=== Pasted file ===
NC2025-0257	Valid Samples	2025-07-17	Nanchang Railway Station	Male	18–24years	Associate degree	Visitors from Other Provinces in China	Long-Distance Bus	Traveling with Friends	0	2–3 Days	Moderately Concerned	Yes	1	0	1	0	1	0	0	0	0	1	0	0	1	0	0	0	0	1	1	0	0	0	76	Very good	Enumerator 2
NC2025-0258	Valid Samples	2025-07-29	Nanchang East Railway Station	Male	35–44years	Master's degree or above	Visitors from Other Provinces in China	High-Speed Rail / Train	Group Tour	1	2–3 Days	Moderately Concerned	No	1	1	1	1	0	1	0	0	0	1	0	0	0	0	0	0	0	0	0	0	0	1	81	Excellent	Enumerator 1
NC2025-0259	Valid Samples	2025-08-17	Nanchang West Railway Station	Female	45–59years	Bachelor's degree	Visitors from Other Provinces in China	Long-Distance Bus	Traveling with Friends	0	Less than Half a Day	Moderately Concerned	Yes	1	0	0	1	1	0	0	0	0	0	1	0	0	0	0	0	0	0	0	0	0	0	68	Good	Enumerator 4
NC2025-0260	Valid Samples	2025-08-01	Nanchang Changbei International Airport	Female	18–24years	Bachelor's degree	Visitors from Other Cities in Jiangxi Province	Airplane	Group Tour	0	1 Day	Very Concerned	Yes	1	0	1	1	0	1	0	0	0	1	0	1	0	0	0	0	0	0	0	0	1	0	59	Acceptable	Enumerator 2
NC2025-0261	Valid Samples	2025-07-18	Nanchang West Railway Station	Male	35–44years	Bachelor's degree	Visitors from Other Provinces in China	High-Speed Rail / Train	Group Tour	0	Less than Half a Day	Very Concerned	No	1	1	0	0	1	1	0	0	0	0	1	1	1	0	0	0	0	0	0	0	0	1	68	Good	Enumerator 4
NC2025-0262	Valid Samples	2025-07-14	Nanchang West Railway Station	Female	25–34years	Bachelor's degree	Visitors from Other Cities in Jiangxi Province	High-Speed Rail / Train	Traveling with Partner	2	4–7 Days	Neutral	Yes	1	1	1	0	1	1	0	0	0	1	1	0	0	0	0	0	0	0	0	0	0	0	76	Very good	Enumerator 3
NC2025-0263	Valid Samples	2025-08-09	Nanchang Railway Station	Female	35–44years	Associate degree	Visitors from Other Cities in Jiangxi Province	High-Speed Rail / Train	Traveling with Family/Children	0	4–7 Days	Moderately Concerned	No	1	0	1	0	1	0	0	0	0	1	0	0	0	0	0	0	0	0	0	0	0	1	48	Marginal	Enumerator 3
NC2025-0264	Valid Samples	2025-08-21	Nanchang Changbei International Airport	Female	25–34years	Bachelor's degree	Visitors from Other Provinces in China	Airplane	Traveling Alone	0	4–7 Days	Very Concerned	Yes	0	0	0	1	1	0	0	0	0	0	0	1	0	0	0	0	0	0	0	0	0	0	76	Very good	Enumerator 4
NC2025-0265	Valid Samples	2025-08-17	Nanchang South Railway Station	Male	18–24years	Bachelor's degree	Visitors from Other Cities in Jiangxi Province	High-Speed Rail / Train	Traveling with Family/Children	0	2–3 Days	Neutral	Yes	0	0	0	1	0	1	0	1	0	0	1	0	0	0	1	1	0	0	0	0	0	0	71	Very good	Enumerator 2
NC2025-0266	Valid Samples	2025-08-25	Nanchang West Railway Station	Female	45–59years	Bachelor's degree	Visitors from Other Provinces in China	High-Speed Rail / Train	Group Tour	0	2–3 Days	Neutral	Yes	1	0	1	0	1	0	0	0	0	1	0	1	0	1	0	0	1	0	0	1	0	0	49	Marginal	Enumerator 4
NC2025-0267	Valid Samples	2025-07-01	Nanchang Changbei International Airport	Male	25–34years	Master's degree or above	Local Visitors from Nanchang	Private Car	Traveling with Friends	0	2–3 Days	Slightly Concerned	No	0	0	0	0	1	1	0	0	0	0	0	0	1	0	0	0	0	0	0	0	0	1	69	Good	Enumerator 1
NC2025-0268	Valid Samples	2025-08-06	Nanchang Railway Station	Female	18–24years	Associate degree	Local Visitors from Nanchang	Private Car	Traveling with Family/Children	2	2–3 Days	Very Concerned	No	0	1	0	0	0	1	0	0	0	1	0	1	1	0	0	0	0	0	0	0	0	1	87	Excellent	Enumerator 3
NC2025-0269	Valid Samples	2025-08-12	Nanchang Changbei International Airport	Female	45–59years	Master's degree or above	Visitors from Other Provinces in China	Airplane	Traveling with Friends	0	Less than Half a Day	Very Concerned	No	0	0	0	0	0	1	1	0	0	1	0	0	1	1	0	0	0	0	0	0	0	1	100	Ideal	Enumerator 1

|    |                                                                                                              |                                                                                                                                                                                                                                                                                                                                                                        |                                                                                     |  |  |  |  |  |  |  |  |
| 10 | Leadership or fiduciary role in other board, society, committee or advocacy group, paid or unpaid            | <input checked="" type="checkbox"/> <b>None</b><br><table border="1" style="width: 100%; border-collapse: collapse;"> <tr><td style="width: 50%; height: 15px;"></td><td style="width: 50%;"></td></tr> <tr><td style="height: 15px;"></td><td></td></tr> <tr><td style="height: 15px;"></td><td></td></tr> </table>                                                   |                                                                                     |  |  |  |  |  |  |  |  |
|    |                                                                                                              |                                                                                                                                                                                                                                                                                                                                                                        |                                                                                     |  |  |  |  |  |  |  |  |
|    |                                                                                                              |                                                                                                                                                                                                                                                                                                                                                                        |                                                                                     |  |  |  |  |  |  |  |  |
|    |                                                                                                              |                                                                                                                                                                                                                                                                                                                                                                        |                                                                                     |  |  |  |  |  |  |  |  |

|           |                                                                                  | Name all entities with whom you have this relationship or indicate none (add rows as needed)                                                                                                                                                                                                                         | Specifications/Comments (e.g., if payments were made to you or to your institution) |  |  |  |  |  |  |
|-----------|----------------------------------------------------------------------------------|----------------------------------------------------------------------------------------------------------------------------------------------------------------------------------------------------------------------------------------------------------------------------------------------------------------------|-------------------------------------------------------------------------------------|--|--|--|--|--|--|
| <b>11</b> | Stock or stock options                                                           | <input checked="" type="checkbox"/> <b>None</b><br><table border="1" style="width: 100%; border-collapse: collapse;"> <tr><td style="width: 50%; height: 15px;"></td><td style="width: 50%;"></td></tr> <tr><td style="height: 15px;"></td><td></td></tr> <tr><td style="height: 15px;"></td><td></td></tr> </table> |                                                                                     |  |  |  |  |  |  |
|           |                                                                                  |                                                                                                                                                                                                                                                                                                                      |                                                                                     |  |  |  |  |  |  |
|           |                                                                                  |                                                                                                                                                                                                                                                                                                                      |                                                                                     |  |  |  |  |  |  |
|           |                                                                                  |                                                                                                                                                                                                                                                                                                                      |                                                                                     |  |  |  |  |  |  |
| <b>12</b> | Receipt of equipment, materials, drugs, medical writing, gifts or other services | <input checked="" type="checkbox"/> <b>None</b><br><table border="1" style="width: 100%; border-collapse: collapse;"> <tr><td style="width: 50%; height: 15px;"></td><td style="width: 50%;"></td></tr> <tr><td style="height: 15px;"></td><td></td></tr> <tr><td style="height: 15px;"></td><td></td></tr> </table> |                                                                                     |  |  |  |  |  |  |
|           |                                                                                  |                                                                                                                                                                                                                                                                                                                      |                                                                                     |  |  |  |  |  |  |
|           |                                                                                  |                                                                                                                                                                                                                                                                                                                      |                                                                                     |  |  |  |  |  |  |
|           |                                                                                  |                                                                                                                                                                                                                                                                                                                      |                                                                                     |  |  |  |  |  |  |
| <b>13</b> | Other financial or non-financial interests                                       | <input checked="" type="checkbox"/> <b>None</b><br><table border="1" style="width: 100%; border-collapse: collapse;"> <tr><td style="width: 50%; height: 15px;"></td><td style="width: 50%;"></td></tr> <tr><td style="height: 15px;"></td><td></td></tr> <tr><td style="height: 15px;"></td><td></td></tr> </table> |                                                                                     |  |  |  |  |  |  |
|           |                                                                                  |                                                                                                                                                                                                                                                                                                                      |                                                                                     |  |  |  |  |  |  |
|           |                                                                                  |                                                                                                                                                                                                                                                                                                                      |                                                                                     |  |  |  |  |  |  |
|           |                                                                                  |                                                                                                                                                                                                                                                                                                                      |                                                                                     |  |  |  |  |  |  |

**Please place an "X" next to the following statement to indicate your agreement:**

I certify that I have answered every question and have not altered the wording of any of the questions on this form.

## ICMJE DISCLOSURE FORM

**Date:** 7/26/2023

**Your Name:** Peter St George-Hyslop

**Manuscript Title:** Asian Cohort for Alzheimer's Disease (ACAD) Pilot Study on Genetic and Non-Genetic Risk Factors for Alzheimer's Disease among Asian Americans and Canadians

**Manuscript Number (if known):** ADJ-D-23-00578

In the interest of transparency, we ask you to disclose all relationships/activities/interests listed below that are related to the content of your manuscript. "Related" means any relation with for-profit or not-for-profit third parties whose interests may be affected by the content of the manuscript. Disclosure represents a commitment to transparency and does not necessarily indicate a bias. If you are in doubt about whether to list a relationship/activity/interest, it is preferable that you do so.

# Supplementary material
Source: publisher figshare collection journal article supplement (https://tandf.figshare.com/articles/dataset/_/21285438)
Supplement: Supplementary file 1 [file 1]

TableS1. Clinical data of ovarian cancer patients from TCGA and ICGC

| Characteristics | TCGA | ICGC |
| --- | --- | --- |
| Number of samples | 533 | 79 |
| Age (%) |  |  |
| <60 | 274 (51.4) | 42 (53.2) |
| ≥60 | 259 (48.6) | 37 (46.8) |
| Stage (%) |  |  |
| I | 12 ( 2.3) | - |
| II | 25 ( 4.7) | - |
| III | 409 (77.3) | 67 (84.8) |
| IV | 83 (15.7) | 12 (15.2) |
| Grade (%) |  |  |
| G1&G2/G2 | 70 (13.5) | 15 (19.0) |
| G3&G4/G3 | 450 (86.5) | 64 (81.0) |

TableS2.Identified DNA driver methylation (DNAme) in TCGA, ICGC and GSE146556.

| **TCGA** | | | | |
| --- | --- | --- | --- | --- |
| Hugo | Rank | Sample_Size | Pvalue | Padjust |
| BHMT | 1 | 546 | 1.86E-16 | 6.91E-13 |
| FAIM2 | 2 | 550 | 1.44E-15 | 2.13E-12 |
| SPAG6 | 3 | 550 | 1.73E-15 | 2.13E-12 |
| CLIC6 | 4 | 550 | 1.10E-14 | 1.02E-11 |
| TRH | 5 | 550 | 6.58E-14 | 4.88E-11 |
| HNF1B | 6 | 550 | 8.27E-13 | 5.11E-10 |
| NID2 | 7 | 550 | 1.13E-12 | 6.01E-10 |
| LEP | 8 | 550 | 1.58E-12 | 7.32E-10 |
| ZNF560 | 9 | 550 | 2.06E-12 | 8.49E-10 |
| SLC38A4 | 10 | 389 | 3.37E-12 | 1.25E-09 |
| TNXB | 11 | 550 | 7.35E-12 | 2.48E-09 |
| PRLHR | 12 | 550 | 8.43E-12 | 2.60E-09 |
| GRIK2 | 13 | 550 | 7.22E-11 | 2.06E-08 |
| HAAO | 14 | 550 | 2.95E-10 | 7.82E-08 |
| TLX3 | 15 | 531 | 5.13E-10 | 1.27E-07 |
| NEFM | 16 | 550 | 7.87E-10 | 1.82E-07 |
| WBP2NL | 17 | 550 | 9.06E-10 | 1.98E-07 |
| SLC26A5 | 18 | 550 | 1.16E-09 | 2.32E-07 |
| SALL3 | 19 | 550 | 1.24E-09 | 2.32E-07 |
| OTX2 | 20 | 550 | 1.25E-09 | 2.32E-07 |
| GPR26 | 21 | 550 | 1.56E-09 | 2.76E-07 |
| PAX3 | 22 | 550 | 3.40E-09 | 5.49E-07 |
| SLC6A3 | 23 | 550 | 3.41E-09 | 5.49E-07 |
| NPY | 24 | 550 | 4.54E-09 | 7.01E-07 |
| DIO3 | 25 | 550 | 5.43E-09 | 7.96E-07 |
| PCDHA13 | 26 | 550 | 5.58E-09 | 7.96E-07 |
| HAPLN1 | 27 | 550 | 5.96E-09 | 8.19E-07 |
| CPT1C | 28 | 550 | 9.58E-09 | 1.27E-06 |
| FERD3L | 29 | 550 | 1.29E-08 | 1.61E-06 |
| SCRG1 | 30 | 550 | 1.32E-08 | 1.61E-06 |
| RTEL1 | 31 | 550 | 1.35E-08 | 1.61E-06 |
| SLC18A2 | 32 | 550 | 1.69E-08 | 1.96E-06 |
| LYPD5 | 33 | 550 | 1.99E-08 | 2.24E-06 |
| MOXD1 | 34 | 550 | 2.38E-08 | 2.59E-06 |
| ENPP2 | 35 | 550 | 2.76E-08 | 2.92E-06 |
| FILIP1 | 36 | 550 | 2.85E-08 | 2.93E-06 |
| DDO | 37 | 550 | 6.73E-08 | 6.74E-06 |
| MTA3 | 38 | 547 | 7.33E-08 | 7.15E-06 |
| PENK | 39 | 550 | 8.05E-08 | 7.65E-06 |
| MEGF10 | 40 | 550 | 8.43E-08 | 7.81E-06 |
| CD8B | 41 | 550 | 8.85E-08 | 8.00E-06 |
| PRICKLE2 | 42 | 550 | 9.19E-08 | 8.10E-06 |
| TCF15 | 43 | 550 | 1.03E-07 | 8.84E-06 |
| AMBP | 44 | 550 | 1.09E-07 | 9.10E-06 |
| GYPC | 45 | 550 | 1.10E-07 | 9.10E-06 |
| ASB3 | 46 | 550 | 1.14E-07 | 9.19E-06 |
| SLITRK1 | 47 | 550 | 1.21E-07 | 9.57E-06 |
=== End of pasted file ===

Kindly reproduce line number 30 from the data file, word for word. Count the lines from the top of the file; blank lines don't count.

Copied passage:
|           |                                                                                  |                                                                                                                                                                                                                                                                                                                      |                                                                                     |  |  |  |  |  |  |